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 Cullen helped Sue Klebold write her book

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Cullen helped Sue Klebold write her book Empty
PostSubject: Cullen helped Sue Klebold write her book   Cullen helped Sue Klebold write her book Icon_minitimeMon Feb 15, 2016 9:28 pm

Susan Klebold wrote:
Many thanks go to Dave Cullen for talking with me about his research on the Columbine tragedy, and for helping me recount specifics of the incident. He generously searched through piles of material to fact-check references when I needed his help with accuracy.

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Cullen helped Sue Klebold write her book Empty
PostSubject: Re: Cullen helped Sue Klebold write her book   Cullen helped Sue Klebold write her book Icon_minitimeMon Feb 15, 2016 11:08 pm

This is tremendously disappointing.
I'm so sorry for Sue, her loss and endless pain and I don't blame her at all for wanting to tell her story and get a fuller picture of her son out there by one of the few people to love him the most in the world but to do it at the expense of further demonizing and spreading the false image of her son's best friend even further is not something that I can ever agree with.

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Cullen helped Sue Klebold write her book Empty
PostSubject: Re: Cullen helped Sue Klebold write her book   Cullen helped Sue Klebold write her book Icon_minitimeMon Feb 15, 2016 11:49 pm

"Helping her recount." By whispering his bullshit right in her ear?

I want to find him and stop him. Find something from him, or from his puppeteer Dwayne Fuselier that will discredit him permanently, shut him up and keep him away from Columbine forever.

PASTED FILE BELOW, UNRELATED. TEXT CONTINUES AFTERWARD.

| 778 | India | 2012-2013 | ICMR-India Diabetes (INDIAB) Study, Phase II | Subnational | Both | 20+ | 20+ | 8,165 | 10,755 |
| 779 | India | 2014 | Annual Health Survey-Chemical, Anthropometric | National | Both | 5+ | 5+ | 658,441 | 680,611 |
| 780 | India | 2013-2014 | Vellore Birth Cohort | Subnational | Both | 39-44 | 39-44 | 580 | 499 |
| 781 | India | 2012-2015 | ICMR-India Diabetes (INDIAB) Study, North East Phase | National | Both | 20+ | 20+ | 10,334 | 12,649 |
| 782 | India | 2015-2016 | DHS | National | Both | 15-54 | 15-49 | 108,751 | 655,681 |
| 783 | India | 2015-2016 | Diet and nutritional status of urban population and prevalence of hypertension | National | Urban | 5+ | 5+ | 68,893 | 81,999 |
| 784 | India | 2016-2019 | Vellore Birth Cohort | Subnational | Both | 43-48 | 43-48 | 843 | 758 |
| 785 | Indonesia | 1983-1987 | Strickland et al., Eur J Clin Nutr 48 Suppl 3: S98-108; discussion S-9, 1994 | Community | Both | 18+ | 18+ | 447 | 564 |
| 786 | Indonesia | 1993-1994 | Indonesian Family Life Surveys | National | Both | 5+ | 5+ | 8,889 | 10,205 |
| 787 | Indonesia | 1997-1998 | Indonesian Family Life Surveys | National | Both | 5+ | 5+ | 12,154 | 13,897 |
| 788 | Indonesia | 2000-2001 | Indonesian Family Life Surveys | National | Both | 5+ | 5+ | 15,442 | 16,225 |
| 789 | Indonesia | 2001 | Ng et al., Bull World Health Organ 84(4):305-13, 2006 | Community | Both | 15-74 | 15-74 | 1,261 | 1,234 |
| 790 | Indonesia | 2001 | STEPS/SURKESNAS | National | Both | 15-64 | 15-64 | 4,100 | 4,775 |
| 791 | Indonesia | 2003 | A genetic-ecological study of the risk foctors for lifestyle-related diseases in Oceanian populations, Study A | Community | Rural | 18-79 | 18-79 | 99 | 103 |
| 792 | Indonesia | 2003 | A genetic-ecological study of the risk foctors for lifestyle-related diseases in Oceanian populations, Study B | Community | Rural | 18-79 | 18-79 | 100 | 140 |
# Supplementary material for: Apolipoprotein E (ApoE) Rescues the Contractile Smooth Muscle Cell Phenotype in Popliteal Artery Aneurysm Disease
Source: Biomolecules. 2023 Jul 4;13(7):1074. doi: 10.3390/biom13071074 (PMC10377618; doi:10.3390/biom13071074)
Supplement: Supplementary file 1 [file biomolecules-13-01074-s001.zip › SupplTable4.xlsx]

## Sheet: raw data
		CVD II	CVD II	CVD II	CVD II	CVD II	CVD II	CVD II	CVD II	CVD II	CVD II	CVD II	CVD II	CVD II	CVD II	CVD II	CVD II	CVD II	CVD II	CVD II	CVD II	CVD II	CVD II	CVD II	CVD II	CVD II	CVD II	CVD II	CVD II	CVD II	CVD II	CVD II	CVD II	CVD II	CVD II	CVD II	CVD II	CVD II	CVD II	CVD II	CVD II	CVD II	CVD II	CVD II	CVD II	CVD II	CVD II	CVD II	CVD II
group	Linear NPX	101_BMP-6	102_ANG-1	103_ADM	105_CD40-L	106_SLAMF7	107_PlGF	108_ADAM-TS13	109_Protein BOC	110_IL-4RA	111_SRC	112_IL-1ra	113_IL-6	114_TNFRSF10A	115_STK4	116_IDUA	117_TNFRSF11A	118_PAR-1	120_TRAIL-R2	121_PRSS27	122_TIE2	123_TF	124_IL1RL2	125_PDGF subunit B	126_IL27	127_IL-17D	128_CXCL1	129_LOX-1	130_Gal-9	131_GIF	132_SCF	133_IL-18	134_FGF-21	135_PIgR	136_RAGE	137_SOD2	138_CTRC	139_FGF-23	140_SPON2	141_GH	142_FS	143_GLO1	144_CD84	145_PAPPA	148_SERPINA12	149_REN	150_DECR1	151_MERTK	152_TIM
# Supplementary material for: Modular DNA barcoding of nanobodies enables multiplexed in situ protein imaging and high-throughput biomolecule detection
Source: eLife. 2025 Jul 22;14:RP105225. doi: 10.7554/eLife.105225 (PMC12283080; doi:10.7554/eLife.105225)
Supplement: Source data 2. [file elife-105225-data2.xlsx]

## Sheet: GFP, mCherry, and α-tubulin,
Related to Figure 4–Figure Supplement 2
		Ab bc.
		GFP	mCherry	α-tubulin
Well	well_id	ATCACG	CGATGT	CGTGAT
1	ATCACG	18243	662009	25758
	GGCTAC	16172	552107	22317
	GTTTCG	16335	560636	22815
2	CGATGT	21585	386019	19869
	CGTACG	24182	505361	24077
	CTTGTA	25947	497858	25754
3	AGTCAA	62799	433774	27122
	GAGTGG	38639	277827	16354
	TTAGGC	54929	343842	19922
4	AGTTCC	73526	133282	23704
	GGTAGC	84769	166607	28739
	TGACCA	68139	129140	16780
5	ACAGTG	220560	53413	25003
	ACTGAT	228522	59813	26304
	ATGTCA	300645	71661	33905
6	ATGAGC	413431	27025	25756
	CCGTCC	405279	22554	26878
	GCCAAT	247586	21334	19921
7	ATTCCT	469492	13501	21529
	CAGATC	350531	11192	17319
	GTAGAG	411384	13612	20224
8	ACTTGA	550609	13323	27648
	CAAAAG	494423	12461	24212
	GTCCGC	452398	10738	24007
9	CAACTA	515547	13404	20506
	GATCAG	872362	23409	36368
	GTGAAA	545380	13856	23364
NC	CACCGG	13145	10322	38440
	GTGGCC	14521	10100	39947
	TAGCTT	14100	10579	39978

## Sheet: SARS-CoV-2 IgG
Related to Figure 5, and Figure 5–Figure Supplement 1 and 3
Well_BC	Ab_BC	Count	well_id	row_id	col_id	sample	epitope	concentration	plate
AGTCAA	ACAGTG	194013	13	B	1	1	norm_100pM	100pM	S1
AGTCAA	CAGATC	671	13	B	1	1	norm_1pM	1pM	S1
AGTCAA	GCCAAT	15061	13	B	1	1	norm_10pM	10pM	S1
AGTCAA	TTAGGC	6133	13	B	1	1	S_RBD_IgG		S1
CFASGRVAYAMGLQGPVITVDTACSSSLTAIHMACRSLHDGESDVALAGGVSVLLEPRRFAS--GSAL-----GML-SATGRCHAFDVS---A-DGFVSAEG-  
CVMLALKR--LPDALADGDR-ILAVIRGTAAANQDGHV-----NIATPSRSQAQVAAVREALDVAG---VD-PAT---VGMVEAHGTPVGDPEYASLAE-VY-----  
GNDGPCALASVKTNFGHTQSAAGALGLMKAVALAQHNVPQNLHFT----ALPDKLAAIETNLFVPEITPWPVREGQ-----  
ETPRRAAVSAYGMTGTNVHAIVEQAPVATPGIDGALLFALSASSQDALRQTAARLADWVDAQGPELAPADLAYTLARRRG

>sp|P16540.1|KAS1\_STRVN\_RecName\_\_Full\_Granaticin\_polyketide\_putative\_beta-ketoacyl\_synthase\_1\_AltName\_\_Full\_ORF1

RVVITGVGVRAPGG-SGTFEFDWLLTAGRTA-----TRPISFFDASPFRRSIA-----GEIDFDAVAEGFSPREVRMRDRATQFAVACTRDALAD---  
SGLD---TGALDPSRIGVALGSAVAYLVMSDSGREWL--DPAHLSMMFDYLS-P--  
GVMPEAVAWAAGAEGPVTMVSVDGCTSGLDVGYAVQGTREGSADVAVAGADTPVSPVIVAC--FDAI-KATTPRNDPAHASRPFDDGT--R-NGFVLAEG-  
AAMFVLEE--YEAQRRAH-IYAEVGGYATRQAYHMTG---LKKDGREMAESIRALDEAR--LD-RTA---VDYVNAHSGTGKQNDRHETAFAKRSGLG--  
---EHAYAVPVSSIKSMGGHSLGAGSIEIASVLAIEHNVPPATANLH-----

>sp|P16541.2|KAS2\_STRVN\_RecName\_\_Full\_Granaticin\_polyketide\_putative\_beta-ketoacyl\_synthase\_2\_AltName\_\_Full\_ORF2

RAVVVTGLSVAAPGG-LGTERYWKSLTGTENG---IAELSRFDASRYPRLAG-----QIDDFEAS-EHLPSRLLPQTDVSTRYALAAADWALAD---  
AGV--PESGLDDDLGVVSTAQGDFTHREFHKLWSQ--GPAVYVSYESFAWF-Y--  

Fuck this man so very much.

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Cullen helped Sue Klebold write her book Empty
PostSubject: Re: Cullen helped Sue Klebold write her book   Cullen helped Sue Klebold write her book Icon_minitimeTue Feb 16, 2016 12:43 am

[You must be registered and logged in to see this link.],
I agree with a lot of what you have to say and the way you say it:)

I am betting that if Sue was Eric's Mom instead of Dylan's she wouldn't have wanted any help from Cullen. Just a guess.

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Cullen helped Sue Klebold write her book Empty
PostSubject: Re: Cullen helped Sue Klebold write her book   Cullen helped Sue Klebold write her book Icon_minitimeTue Feb 16, 2016 3:36 am

Not that I am at all a fan of Cullen or his work, but I'm trying to put myself in Sue's shoes here. We are an obscure minority who have done enough research on Columbine to be able to see through Cullen's bullshit. Nevertheless, his book is considered the ultimate source. I'm not discounting the possibility that she was drawn to his pro-Dylan narrative, but at the same time I can imagine that she's largely naive to the inaccuracies and thinks she's just using the best fact-checker there is given his reputation.

If there is bias involved, I am wondering if her apparent regard for Cullen is more to do with his humanizing Dylan and less to do with him offering a convenient scapegoat, because Sue was adamant in her interview that Dylan was a killer (I believe she used that title, which is more direct than framing it as an action he did) and she didn't say anything indicating she blames Eric. Given how she seems to feel regarding her own responsibility I'm not sure she would consider it her place to blame Mr./Mrs. Harris either.
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Cullen helped Sue Klebold write her book Empty
PostSubject: Re: Cullen helped Sue Klebold write her book   Cullen helped Sue Klebold write her book Icon_minitimeTue Feb 16, 2016 3:43 am